I adore the ocean yet here I’ve found myself, time and time again, on a mountain. The wilderness portion of my training weeks was spent in the Canadian Rockies just outside of Cochrane, Alta. Now I am to call the mountain that is Gault Nature Reserve my home for the next three months. When did I fall in love with the mountains? Over our time here my roommates and I will come to have many feelings regarding this place.
The Nature Reserve
The entirety of Mont-Saint-Hilaire was gifted by Brigadier Gault to McGill University in 1958 and is divided into two halves, one public and one private. The line runs straight through the small lake nestled in the large dip between the hills. Yes, the “mountain” is actually comprised of an elevated lake surrounded by rocky hills. My first impression of our accommodation was that the cabin was dark, sparse and located in the middle of nowhere. Luckily this middle of nowhere is a beautiful one. We can see the lake from our front door and have full access to the public network of trails that runs right past our cabin as well as the private overgrown side of the mountain. At all hours we can hear the honking of migrating Canadian geese resting on the lake. In addition to the unruly reserve side of the mountain, the private side has developed spaces: Gault house, two science labs, chalets and one of the largest outdoor experiment sites in the area. Needless to say, I was excited to discover what kind of experiments were going on and how we could jump in and learn about the technical side of conservation and fieldwork.
Over a week later we had not touched any science equipment save for shovels and pickaxes. Yes, pick axes are totally cool when you use them to break two-inch lake ice to install mesocosm bags to monitor rising global temperatures. One feels like a modern Viking while doing this but, dear reader, you will have to skip to my next blog to read about the awesome winter science stuff. The first week, nay almost two weeks, was spent moving rocks and shoveling earth. I learned two new French words that are seared into my brain from over use:
- La Chaudière (a large farm bucket or pail)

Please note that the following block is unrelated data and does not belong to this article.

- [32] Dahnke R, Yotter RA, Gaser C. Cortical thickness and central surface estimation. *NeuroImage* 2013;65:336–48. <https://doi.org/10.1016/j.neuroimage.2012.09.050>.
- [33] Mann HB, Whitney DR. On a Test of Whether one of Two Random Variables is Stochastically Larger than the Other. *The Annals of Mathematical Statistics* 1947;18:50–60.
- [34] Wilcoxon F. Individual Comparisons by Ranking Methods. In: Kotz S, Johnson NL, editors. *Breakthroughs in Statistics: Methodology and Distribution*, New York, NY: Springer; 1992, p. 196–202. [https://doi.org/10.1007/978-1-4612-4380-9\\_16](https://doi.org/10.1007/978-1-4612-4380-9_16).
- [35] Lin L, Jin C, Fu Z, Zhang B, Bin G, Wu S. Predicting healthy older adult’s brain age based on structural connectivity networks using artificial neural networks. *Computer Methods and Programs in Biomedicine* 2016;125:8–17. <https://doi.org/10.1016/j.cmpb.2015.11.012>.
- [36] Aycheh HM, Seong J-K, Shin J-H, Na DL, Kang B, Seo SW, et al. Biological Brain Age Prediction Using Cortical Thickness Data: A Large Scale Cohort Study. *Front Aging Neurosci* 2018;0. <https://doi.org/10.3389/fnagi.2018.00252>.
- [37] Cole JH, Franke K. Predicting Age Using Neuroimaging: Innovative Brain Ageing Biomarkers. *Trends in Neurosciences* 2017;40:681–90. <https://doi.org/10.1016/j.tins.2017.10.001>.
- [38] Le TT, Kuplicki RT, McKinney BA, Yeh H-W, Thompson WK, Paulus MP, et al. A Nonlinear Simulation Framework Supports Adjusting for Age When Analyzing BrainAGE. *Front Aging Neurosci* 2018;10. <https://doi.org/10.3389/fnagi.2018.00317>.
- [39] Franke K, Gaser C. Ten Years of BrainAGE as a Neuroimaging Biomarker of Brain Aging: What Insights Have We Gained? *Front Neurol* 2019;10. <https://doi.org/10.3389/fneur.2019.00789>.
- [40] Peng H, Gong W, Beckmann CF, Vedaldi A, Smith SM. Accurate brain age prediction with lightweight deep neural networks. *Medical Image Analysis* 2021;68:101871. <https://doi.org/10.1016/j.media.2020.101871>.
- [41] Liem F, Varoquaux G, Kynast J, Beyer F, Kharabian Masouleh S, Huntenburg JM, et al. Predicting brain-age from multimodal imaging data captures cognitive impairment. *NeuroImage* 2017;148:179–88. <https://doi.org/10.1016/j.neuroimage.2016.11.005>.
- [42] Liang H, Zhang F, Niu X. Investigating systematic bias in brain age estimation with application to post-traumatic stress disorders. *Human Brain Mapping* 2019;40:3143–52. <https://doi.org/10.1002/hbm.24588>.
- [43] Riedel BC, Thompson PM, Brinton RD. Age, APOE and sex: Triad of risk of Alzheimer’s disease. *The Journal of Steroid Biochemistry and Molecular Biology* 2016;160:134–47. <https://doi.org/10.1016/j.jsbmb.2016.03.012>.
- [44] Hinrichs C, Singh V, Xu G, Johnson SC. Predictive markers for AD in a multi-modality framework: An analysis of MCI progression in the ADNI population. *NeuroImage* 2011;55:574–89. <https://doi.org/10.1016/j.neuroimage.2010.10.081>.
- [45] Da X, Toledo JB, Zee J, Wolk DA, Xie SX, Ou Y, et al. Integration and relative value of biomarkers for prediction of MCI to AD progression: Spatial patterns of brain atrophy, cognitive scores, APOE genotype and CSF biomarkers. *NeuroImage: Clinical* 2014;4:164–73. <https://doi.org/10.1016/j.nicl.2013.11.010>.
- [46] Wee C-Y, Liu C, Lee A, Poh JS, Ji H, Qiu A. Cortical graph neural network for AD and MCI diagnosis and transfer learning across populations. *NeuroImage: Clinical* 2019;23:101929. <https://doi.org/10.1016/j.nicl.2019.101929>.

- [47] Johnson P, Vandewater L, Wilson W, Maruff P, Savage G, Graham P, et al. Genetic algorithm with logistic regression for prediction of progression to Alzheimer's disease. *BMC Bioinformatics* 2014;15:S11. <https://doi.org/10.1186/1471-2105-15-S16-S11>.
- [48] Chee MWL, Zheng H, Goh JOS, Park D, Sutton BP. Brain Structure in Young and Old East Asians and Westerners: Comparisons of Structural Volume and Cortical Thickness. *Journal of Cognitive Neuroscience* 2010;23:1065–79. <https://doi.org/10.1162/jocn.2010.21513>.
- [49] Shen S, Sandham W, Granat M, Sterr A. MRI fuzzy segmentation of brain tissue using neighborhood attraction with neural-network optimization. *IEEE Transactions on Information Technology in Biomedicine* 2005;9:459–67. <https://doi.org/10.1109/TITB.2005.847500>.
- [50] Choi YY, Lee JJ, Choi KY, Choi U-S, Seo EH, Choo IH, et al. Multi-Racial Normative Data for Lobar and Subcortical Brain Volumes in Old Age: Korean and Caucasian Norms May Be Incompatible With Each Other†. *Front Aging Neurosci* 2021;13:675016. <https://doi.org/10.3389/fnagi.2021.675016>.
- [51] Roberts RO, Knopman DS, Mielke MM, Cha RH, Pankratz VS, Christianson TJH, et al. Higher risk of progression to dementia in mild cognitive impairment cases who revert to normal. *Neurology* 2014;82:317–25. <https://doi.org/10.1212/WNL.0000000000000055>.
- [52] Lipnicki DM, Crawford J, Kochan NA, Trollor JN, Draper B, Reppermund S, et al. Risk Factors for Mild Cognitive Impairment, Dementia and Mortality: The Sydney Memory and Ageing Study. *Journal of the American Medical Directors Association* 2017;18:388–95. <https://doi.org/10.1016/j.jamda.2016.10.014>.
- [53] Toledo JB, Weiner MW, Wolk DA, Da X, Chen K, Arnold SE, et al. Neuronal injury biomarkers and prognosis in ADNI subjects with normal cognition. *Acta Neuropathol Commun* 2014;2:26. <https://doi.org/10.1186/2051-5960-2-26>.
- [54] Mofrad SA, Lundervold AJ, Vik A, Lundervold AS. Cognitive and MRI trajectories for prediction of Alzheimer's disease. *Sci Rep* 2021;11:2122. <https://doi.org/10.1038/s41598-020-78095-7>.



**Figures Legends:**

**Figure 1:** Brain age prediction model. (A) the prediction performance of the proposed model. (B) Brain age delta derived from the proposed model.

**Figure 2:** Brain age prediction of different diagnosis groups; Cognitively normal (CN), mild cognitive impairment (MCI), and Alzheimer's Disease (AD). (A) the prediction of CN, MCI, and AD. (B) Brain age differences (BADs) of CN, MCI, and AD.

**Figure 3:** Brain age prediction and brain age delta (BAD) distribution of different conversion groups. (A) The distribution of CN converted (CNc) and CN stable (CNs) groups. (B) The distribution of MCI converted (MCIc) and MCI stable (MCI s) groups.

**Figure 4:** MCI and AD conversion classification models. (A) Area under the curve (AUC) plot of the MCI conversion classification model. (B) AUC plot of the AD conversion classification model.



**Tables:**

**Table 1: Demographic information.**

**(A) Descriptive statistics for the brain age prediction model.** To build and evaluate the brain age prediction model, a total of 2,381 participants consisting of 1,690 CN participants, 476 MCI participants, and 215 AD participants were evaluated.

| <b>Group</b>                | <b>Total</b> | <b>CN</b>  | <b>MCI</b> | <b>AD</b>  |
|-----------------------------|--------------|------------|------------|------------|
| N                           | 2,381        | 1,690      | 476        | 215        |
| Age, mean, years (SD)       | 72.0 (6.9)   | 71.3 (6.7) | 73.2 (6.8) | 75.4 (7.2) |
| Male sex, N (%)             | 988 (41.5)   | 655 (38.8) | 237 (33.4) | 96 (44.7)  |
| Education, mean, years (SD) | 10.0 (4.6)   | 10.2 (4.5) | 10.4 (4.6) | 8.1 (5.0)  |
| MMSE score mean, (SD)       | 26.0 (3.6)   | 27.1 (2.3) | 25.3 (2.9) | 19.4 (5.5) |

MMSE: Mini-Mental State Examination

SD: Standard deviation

- Des fougères (some ferns)
I found the actual work on the trails quite rewarding – many people even stopped and thanked us. However, it was not mentally stimulating. While happy to help landscape the new hiking trail I was concerned that that was all we were going to be doing. I was so focused on how slow the progress was with manual labour that I forgot to look around and appreciate the beauty of the fall. It was not until later that I discovered the hidden opportunities that are liberally scattered throughout this placement.
The People: cookies and coffee
From day one, the people here at Gault have been absolutely amazing. Sonya, who looks after the Gault House, stocks the staff kitchen with cookies every day. Charles, who works with us on the trails, bought us refreshments to welcome and thank us for our work. Everyone stopped and talk to us even though it was a busy time. They also had great patience with those of us who weren’t very fluent in French. The people made the placement a success. Their warmth and positive attitudes towards work made me realize how magical this place is. The pace and treatment of time is so different when you have to work with the seasons. There is a time to rush and there is a time to wait. When it rains, we find indoor things to do, but if it looks dry outside, we ditch any well-planned indoor activities and do what we can outside.
We worked hard on the trails at the start of our placement because they needed to be done before the snows. Once we were able to meet with the assistant director, we were immediately presented with other possible things we could help with: species list, inventory, bat monitoring research, collecting data from temperature loggers in the field, building a weather station. We were also offered continued support and freedom to come up with our own projects. I have really started to enjoy myself here.
The opinions expressed are those of the participant and do not necessarily reflect the views of the Canadian Wildlife Federation.